Tuesday, July 7, 2020

Blue Ticket by Sophie MacKintosh

Blue Ticket
by Sophie MacKintosh
Source: my copy courtesy of the publisher, through Netgalley, in exchange for an honest review

Publisher's Summary:
Calla knows how the lottery works. Everyone does. On the day of your first bleed, you report to the station to learn what kind of woman you will be. A white ticket grants you marriage and children. A blue ticket grants you a career and freedom. You are relieved of the terrible burden of choice. And once you've taken your ticket, there is no going back. But what if the life you're given is the wrong one? 

When Calla, a blue ticket woman, begins to question her fate, she must go on the run. But her survival will be dependent on the very qualities the lottery has taught her to question in herself and on the other women the system has pitted against her. Pregnant and desperate, Calla must contend with whether or not the lottery knows her better than she knows herself and what that might mean for her child.

An urgent inquiry into free will, social expectation, and the fraught space of motherhood, Blue Ticket is electrifying in its raw evocation of desire and riveting in its undeniable familiarity.

My Thoughts: 
About a year ago, I read Mackintosh's debut, The Water Cure, and was impressed enough with her storytelling and writing to grab this one up as soon as it became available. 

As with that debut, Mackintosh drops readers straight into a dystopian world where women are once again the target of manipulation while being made to believe that what's being done is for their benefit. Once again, Mackintosh raises a lot of questions - why was the lottery instituted, why are the blue ticket girls sent off to make their own way to the city with almost no assistance and no transportation, how does the machine determine who should get white tickets and who should get blue, and, if this is such a great plan, why do the blue ticket women require regular visits with a doctor?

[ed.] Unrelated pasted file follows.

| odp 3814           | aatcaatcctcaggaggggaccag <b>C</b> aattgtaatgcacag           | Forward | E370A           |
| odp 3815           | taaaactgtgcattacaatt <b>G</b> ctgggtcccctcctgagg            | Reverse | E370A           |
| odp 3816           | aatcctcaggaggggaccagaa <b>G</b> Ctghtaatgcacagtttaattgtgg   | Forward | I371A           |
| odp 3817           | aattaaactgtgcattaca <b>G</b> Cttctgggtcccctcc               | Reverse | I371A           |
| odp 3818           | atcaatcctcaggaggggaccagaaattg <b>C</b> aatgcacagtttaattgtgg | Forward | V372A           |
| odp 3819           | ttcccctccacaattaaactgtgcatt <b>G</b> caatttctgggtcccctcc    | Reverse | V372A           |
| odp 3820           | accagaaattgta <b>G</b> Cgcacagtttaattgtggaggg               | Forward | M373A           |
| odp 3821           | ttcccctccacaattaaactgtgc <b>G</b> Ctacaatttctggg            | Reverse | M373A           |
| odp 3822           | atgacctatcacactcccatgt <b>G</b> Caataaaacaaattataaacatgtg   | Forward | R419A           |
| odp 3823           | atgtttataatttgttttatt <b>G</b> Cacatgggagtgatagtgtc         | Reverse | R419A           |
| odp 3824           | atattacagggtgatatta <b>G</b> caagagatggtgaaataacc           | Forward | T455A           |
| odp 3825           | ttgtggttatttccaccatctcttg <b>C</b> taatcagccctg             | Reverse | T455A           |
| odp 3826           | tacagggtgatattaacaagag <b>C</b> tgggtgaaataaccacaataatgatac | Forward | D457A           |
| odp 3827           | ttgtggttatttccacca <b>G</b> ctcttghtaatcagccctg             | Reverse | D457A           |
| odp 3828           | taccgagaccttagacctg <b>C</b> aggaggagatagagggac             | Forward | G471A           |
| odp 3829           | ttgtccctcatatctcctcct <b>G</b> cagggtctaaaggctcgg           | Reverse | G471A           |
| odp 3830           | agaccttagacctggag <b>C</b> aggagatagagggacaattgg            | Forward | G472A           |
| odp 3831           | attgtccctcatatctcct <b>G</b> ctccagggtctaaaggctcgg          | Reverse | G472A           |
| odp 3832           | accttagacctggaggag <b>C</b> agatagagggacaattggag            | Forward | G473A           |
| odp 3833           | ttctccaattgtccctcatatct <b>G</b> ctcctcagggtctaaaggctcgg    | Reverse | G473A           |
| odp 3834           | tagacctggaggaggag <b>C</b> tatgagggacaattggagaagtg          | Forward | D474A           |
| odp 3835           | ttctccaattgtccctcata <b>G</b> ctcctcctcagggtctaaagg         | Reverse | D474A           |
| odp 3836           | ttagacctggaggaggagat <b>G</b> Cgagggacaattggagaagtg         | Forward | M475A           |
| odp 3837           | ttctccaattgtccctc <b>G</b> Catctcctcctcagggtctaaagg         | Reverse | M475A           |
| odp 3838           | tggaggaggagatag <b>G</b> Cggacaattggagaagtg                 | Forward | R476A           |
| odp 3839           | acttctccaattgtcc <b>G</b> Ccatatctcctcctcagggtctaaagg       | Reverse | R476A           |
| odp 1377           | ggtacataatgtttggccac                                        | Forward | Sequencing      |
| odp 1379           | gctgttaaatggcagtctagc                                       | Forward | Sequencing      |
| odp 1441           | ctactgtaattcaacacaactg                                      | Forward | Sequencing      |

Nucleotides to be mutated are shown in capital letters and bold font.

As with The Water Cure, Mackintosh left a lot of my questions unanswered; but this time, knowing that she had done that in her previous book, I was surprised by it and it didn't bother me so much. I did get enough answers to make the story feel whole and to understand the choices that Calla made and why she spent so much of the book feeling so angry and questioning her own motives. 

There were some plot pieces I felt might have been left out, although they certainly underscored the risk that Calla was taking and the fear underlying her choice. A lot of time is spent in Calla's head which is often filled with quite violent thoughts. That might have been toned down but as the book developed I did begin to understand why she might feel that way. 

There is certainly an strong sense of The Handmaid's Tale here but Mackintosh takes that and makes it her own. It's a short book and a fast read, thanks it part to it's somewhat unique style and because Calla's journey is so compelling. Mackintosh has certainly found her niche and I look forward to reading more of her work. 


  1. Sounds so Atwood. I am drawn to this story.

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